2. Practice Writing Simple Sentences: Have your learners practice writing simple sentences using the grammar rules that they have learned.
Example: The cat is sleeping.
3. Encourage Reading: Encourage your learners to read books, newspapers, and articles in English. This will help them to improve their writing skills.
Teaching English to non-native speakers can be challenging, but by focusing on the basic components of the language, you can help your learners to develop the skills that they need to speak, read, and write in English. Remember to be patient, encouraging, and to provide plenty of opportunities for practice and feedback.
As we come to the end of our exploration into the world of learning English as a non-native speaker, we are left with a deeper understanding of the challenges and triumphs that come with this journey. Bridging worlds may not always be easy, but for those who persevere, it can lead to a world of new opportunities and experiences.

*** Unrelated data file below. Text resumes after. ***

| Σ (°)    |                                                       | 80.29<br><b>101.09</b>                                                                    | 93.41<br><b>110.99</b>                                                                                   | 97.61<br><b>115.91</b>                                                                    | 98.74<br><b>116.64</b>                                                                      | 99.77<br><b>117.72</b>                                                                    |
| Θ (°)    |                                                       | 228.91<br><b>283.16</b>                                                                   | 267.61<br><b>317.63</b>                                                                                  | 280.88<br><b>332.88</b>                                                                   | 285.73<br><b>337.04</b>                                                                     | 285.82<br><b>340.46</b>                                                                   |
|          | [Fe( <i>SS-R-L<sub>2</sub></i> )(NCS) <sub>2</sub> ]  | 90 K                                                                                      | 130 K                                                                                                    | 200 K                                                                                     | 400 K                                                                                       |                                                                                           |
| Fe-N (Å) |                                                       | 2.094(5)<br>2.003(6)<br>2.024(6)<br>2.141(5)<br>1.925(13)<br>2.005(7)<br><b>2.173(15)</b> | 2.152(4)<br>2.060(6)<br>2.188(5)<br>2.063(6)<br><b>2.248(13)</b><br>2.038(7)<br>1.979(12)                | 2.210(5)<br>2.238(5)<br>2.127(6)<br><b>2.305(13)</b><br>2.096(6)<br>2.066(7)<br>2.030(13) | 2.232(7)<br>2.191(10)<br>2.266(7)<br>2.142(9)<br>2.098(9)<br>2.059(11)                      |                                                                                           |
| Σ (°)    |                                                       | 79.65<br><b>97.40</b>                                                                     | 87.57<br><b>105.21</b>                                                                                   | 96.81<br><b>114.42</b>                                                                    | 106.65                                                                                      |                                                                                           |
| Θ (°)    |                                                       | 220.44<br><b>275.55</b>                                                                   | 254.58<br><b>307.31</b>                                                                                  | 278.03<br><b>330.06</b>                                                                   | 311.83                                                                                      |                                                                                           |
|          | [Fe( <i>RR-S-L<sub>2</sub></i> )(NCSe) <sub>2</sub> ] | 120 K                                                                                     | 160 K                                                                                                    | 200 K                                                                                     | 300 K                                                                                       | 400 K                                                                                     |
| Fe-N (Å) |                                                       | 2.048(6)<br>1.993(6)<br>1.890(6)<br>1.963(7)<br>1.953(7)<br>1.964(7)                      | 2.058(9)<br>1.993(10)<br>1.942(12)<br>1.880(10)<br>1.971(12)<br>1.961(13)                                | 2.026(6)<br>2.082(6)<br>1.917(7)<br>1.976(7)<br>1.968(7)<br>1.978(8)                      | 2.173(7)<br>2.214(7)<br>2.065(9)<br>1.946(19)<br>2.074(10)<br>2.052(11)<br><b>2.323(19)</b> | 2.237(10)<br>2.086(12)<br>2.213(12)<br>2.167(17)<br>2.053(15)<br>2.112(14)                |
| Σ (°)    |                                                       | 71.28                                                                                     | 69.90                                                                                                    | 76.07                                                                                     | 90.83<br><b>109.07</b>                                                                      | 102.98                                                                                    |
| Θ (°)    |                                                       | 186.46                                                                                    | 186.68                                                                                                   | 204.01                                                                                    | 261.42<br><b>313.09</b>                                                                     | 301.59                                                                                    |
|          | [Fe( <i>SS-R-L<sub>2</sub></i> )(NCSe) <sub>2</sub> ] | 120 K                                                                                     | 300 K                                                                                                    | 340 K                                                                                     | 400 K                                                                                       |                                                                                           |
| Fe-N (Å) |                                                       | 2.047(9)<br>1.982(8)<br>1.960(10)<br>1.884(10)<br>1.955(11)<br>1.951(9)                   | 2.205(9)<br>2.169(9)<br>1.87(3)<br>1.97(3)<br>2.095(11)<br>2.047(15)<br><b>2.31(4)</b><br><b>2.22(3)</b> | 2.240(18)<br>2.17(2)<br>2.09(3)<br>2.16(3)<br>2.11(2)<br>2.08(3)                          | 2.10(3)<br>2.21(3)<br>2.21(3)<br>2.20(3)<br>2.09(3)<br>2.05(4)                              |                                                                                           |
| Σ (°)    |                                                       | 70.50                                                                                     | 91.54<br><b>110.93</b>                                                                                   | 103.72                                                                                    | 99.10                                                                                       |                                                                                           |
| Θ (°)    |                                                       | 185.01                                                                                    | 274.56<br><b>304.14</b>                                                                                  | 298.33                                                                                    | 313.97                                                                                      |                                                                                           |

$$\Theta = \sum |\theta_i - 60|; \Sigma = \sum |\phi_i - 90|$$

We hope that this article has shed light on the strategies and resources available to support those learning English as a non-native language. Through dedication and hard work, the language barrier can be overcome, and an entirely new world can be opened up for those who choose to take this path.
In the end, it is not only about mastering the language, but also about expanding one’s cultural horizons, building relationships, and being able to communicate with others in a globalized world. So, let us continue to bridge worlds, embrace diversity, and bring out the best in one another.